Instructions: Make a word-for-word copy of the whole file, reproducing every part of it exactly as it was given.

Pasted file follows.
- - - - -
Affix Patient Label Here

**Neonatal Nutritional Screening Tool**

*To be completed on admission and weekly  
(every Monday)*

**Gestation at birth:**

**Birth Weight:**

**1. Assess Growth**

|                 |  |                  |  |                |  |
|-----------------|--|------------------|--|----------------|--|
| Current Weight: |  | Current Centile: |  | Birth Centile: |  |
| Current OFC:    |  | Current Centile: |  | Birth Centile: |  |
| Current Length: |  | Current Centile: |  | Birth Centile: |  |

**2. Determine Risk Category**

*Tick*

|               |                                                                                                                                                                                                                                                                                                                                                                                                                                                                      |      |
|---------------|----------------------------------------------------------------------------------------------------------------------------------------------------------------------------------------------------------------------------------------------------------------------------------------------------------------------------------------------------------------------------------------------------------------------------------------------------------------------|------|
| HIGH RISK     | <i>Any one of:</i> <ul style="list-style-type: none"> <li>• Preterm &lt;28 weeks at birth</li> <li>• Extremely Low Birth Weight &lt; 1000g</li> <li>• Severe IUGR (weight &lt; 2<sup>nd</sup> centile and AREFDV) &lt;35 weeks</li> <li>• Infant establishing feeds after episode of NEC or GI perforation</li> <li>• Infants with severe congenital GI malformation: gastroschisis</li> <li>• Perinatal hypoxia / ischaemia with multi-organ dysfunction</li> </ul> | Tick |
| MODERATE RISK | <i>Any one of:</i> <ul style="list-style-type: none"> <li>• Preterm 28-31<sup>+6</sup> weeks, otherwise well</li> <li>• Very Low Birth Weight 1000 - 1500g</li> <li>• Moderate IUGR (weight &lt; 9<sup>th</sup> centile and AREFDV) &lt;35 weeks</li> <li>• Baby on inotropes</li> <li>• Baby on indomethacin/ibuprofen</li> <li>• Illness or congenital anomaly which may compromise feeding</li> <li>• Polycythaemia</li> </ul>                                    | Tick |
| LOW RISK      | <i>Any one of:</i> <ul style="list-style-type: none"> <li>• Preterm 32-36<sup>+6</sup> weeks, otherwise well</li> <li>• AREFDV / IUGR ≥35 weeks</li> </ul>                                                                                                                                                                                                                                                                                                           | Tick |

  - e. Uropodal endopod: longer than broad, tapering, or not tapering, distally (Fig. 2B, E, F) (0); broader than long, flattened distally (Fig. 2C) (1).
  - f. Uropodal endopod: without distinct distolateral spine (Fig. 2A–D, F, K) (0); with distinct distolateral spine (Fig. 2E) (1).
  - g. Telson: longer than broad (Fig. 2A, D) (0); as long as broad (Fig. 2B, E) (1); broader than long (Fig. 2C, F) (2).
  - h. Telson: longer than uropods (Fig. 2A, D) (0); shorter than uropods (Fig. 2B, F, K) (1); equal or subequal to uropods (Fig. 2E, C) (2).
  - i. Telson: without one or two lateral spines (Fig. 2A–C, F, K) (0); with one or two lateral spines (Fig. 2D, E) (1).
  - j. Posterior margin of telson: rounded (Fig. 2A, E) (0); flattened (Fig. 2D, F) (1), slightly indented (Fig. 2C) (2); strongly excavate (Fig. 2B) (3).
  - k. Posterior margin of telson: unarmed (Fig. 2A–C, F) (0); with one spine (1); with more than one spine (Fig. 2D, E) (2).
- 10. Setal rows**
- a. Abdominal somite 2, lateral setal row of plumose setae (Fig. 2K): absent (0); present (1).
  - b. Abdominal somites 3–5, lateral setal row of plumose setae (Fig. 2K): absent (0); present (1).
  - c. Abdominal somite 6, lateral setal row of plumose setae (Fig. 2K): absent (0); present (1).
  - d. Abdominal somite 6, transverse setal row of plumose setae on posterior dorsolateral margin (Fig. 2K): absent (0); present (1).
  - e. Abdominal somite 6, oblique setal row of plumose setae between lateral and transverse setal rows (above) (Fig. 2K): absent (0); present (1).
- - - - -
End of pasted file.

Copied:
Affix Patient Label Here

**Neonatal Nutritional Screening Tool**

*To be completed on admission and weekly  
(every Monday)*

**Gestation at birth:**

**Birth Weight:**

**1. Assess Growth**

|                 |  |                  |  |                |  |
|-----------------|--|------------------|--|----------------|--|
| Current Weight: |  | Current Centile: |  | Birth Centile: |  |
| Current OFC:    |  | Current Centile: |  | Birth Centile: |  |
| Current Length: |  | Current Centile: |  | Birth Centile: |  |

**2. Determine Risk Category**

*Tick*

|               |                                                                                                                                                                                                                                                                                                                                                                                                                                                                      |      |
|---------------|----------------------------------------------------------------------------------------------------------------------------------------------------------------------------------------------------------------------------------------------------------------------------------------------------------------------------------------------------------------------------------------------------------------------------------------------------------------------|------|
| HIGH RISK     | <i>Any one of:</i> <ul style="list-style-type: none"> <li>• Preterm &lt;28 weeks at birth</li> <li>• Extremely Low Birth Weight &lt; 1000g</li> <li>• Severe IUGR (weight &lt; 2<sup>nd</sup> centile and AREFDV) &lt;35 weeks</li> <li>• Infant establishing feeds after episode of NEC or GI perforation</li> <li>• Infants with severe congenital GI malformation: gastroschisis</li> <li>• Perinatal hypoxia / ischaemia with multi-organ dysfunction</li> </ul> | Tick |
| MODERATE RISK | <i>Any one of:</i> <ul style="list-style-type: none"> <li>• Preterm 28-31<sup>+6</sup> weeks, otherwise well</li> <li>• Very Low Birth Weight 1000 - 1500g</li> <li>• Moderate IUGR (weight &lt; 9<sup>th</sup> centile and AREFDV) &lt;35 weeks</li> <li>• Baby on inotropes</li> <li>• Baby on indomethacin/ibuprofen</li> <li>• Illness or congenital anomaly which may compromise feeding</li> <li>• Polycythaemia</li> </ul>                                    | Tick |
| LOW RISK      | <i>Any one of:</i> <ul style="list-style-type: none"> <li>• Preterm 32-36<sup>+6</sup> weeks, otherwise well</li> <li>• AREFDV / IUGR ≥35 weeks</li> </ul>                                                                                                                                                                                                                                                                                                           | Tick |

  - e. Uropodal endopod: longer than broad, tapering, or not tapering, distally (Fig. 2B, E, F) (0); broader than long, flattened distally (Fig. 2C) (1).
  - f. Uropodal endopod: without distinct distolateral spine (Fig. 2A–D, F, K) (0); with distinct distolateral spine (Fig. 2E) (1).
  - g. Telson: longer than broad (Fig. 2A, D) (0); as long as broad (Fig. 2B, E) (1); broader than long (Fig. 2C, F) (2).
  - h. Telson: longer than uropods (Fig. 2A, D) (0); shorter than uropods (Fig. 2B, F, K) (1); equal or subequal to uropods (Fig. 2E, C) (2).
  - i. Telson: without one or two lateral spines (Fig. 2A–C, F, K) (0); with one or two lateral spines (Fig. 2D, E) (1).
  - j. Posterior margin of telson: rounded (Fig. 2A, E) (0); flattened (Fig. 2D, F) (1), slightly indented (Fig. 2C) (2); strongly excavate (Fig. 2B) (3).
  - k. Posterior margin of telson: unarmed (Fig. 2A–C, F) (0); with one spine (1); with more than one spine (Fig. 2D, E) (2).
- 10. Setal rows**
- a. Abdominal somite 2, lateral setal row of plumose setae (Fig. 2K): absent (0); present (1).
  - b. Abdominal somites 3–5, lateral setal row of plumose setae (Fig. 2K): absent (0); present (1).
  - c. Abdominal somite 6, lateral setal row of plumose setae (Fig. 2K): absent (0); present (1).
  - d. Abdominal somite 6, transverse setal row of plumose setae on posterior dorsolateral margin (Fig. 2K): absent (0); present (1).
  - e. Abdominal somite 6, oblique setal row of plumose setae between lateral and transverse setal rows (above) (Fig. 2K): absent (0); present (1).